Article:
19. Serri O, Beauregard H, Brazeau P, et al. Sandostatin reduces increased kidney function and size in type I diabetes. Diabetologia 1990; 33 (suppl): A76. 20. Morgan JS, Groszmann RJ. Somatostatin in portal hypertension. Dig Dis Sci 1989; 34: 40-47S. 21. McKee R. A study of octreotide in oesophageal varices. Digestion 1990; 45 (suppl 1): 60-65. 22. Christiansen J, Ottenjann R, Von Arx F, et al. Placebo-controlled trial with the somatostatin analogue SMS 201-995 in peptic ulcer bleeding. Gastroenterology 1989; 97: 568-74. 23. Prinz RA, Pickleman J, Hoffman JP. Treatment of pancreatic cutaneous fistulas with a somatostatin analog. Am J Surg 1988; 155: 36-42. 24. Nubiola P, Badia JM, Martinez-Rodenas F, et al. Treatment of 27 postoperative enterocutaneous fistulas with the long half-life somatostatin analog SMS 201-995. Ann Surg 1989; 210: 56-58. 25. Williams ST, Woltering EA, O’Donsio TM, et al. Effect of octreotide acetate on pancreatic exocrine function. Am J Surg 1989; 157: 459-62. 26. Jaros W, Biller J, Greer S, et al. Successful treatment of idiopathic secretory diarrhea of infancy with the somatostatin analog SMS 201-995. Gastroenterology 1988; 94: 189-93. 27. Cello JP, Grendell J, Basuk P, et al. Controlled clinical trial of octreotide for refractory AIDS-associated diarrhea. Gastroenterology 1990; 98 (suppl): A163. 28. Vinik AI, Isai ST, Moattari AR, et al. Somatostatin analog (SMS 201-995) in the management of gastroenteropancreatic tumors and diarrhea syndrome. Am J Med 1986; 81 (suppl 6B): 23-40. 29. Edwards CA, Cann PA, Read NW, et al. The effects of somatostatin analogue SMS 201-995 on fluid and electrolyte transport in a patient with secretory diarrhoea. Scand J Gastroenterol 1986; 21 (suppl 119): 259-61. 30. Williams G, Ball JA, Lawson RA, et al. Analgesic effect of somatostatin analogue (octreotide) in headache associated with pituitary tumours. Br Med J 1987; 295: 247-48. 31. Penn RD, Paice JA, Kroin JS, et al. Intrathecal octreotide for cancer pain. Lancet 1990; i: 738. 32. Camisa C, Mehle AL, Benedetto E, et al. A somatostatin analog (octreotide acetate) vs placebo in the treatment of psoriasis. Clin Res 1989; 37: 968A.
Mental health services for migrants in Europe The mental health of immigrants in the UK has lately been the subject of intense scrutiny.l-4 However, the issues have wider importance, as shown by the migration conference held earlier this year under the joint auspices of the International Organisation for Migration and the World Health Organisation. The importance of migrant groups is likely to increase still further after the adoption of the single European market in 1992.5 One of the most consistent findings in UK studies of immigrants is an increased rate of admission for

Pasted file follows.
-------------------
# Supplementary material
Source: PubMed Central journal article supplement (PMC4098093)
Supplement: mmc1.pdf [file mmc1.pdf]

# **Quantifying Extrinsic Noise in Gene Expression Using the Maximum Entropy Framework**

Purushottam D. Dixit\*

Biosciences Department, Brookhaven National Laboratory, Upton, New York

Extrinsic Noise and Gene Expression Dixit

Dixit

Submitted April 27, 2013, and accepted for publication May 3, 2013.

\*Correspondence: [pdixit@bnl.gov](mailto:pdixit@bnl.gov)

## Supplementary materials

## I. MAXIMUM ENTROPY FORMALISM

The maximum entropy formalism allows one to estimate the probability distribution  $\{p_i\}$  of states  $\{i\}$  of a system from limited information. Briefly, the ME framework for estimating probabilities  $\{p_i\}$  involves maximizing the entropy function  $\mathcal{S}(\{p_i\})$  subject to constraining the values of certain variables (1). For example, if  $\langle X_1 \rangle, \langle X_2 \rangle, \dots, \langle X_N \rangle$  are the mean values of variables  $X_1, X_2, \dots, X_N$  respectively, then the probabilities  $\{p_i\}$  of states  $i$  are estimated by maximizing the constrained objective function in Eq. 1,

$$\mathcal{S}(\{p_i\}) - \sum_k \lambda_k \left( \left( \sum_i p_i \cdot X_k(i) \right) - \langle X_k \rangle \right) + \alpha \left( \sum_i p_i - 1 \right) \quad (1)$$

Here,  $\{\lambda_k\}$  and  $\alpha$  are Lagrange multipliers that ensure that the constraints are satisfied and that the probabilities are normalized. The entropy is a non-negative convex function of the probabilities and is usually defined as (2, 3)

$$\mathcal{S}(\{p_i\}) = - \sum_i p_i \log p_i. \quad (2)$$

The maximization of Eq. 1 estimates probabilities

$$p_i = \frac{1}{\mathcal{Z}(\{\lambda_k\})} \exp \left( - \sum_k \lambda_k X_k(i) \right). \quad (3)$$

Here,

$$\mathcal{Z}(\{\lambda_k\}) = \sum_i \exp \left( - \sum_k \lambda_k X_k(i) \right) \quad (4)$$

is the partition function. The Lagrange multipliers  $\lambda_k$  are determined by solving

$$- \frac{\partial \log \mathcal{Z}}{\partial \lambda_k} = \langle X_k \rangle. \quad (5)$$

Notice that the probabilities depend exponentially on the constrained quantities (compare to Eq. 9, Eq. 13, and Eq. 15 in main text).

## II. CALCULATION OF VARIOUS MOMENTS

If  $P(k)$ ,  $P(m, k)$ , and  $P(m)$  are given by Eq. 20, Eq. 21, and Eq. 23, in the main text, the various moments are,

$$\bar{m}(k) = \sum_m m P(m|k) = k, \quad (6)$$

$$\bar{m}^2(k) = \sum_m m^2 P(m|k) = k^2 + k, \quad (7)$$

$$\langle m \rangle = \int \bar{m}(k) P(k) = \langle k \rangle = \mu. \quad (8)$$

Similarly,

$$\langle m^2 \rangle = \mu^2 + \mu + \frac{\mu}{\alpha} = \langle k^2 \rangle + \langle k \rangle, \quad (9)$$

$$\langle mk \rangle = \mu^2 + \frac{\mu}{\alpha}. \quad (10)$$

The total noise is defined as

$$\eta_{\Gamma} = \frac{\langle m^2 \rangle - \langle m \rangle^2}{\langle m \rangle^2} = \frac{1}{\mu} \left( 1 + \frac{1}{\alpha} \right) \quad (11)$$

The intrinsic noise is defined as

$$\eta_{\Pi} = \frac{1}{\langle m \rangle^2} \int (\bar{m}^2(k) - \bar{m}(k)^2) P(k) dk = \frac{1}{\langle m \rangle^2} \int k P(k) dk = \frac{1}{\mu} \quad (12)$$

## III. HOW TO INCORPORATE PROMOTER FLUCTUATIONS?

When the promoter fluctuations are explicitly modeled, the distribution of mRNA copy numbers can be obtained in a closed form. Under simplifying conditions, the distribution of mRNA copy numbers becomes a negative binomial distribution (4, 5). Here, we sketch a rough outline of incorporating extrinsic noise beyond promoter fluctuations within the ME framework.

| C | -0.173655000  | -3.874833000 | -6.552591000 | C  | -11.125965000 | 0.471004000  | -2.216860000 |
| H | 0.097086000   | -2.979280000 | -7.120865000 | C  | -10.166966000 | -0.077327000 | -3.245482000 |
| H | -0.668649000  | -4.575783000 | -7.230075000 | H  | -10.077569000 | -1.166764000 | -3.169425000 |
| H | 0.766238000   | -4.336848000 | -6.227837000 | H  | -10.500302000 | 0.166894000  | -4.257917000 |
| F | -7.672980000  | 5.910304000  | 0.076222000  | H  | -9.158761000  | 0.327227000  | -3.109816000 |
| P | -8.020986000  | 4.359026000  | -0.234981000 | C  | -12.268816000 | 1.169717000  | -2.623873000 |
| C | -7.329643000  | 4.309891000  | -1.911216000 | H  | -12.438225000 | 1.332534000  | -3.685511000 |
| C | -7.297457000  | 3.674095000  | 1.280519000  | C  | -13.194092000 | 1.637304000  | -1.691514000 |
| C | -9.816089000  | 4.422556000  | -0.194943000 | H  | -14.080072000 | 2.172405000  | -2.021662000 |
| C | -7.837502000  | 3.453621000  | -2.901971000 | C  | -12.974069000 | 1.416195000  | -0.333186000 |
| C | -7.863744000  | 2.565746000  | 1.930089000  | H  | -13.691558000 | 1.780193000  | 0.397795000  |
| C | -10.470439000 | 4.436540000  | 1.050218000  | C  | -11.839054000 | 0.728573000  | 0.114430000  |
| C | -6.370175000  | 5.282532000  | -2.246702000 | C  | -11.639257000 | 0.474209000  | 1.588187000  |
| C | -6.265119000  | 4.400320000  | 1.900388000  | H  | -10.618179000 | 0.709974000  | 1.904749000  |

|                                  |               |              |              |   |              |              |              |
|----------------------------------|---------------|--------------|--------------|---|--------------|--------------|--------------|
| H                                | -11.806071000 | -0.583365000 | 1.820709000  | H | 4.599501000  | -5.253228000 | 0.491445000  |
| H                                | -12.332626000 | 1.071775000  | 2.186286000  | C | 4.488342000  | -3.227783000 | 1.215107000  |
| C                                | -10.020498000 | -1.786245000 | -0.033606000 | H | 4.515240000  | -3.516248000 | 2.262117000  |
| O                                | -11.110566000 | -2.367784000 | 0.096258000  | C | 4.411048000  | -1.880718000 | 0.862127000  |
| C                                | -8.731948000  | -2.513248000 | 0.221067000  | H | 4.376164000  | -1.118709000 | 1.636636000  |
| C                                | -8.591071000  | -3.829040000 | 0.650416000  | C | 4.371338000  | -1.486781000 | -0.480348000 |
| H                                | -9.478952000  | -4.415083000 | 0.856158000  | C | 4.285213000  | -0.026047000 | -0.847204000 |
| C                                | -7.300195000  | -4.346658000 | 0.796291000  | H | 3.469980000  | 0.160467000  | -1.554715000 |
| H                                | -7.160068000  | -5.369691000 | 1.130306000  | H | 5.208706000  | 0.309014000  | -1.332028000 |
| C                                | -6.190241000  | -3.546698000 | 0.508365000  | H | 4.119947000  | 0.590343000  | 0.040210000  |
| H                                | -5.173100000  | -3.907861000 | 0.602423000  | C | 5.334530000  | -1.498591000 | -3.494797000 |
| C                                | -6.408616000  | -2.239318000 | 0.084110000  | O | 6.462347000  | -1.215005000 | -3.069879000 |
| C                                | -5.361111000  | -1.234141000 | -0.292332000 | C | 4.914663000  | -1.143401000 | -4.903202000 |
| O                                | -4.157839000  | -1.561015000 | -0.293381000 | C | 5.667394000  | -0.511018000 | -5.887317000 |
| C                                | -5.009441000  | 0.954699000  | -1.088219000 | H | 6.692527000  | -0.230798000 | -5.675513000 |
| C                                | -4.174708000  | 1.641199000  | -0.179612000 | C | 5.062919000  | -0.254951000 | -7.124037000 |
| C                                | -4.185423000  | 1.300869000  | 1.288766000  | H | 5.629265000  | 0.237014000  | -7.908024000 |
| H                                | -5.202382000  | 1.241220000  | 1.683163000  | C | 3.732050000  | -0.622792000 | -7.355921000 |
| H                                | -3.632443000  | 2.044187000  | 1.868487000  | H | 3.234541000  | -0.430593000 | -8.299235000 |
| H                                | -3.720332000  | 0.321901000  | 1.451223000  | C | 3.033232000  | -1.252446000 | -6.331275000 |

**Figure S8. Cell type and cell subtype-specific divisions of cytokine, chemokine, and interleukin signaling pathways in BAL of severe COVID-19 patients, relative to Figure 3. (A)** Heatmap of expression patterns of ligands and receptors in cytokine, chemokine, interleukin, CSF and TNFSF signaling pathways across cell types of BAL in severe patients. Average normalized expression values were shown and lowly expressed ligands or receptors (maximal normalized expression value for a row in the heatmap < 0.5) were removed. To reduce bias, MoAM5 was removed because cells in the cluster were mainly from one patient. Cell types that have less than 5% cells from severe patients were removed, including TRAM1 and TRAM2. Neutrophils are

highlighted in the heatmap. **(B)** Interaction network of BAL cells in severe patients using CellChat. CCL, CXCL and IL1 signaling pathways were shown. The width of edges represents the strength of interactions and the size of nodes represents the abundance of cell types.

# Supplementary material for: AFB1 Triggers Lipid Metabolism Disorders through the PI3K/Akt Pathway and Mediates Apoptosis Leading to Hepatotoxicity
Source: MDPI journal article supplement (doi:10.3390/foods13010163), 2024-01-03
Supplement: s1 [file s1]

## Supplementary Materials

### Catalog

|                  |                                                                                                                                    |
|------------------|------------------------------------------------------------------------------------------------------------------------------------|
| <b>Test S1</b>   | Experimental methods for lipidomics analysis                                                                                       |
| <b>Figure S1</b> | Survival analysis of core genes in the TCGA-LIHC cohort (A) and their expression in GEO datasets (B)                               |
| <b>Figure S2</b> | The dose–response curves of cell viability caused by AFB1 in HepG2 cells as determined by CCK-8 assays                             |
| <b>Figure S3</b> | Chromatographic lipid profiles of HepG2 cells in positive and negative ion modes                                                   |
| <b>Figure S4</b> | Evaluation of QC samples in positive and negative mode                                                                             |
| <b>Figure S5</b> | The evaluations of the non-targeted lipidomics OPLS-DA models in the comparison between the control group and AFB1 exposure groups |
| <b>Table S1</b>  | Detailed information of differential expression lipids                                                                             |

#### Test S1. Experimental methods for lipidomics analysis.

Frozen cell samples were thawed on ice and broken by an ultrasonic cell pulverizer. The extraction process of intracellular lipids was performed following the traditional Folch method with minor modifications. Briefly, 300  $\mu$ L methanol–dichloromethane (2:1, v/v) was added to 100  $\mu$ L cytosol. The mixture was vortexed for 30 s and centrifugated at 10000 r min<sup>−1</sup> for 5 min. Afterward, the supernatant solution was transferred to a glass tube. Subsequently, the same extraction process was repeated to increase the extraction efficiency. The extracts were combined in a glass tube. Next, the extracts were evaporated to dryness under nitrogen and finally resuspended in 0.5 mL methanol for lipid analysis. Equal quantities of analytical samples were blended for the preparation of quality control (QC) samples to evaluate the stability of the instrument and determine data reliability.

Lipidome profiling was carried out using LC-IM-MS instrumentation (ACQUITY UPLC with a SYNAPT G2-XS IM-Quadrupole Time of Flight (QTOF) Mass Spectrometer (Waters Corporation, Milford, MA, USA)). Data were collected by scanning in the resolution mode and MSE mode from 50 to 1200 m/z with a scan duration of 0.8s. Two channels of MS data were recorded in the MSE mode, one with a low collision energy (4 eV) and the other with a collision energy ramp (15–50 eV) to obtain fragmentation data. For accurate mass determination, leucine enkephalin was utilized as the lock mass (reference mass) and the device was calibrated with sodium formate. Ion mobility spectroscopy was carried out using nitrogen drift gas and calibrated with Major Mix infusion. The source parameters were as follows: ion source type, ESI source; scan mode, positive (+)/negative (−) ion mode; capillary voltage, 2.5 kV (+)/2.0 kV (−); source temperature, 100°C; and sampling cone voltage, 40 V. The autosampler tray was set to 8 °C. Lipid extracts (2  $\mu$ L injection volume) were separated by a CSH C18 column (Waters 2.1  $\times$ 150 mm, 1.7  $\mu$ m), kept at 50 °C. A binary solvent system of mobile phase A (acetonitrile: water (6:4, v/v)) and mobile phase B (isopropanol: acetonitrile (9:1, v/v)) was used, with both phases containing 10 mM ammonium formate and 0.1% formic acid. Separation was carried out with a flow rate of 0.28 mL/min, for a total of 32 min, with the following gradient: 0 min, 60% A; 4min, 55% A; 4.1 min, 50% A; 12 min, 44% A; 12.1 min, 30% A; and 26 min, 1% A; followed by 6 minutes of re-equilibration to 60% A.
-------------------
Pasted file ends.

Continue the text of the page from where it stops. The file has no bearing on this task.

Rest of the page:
schizophrenia and related illnesses, but the underlying reasons may not be the same in all migrant groups. For example, the exceptionally high rates of schizophrenia that have been reported among immigrants in some studies6 cannot be explained entirely by factors such as the age structure of the migrant population in question. However, standardisation for age does appear to reduce the disparity in the rates between English-born subjects and other immigrant subgroups.’ Longitudinal studies on patients who were initially diagnosed as psychotic indicate that some migrant groups use inpatient psychiatric services less than the indigenous population.8 Some studies suggest that immigrants may have reduced rates of non-psychotic disorders, but others have found no difference or have
Rack9 suggests, on the basis of anecdotal evidence, that there may be a considerable unmet need for psychological intervention among immigrants, but attempts to test this hypothesis have not provided a clear answer. For example, community surveys carried out in the UK have not usually found high rates of psychiatric morbidity among migrants. However, the findings are often difficult to interpret because of methodological difficulties or because the comparison groups may not have been appropriate.’ Thus anxiety that many immigrants may not be getting the type of service that they require has persisted,l° and much attention has focused on the relation between such individuals and those who provide care." Special transcultural psychiatry units,12 day centres, 13 or other voluntary facilities that offer a specific service to ethnic minority subgroups14 have been established in some areas to help circumvent cultural barriers between indigenous psychiatrists and their immigrant patients. To what extent does the British experience mirror that of mainland Europe? A 1988 WHO reportl-5 suggests that in 1974 about 5-5 million immigrants from southern European countries were living in the northern and western parts of the continent. Many of these people are migrant workers.16 For example, a survey of Turkish workers in the Netherlandsl’ showed that neurotic illnesses may be common in such subjects, and were often associated with concern for their families at home. The need to recognise heterogeneity among foreign-born groups is illustrated by a German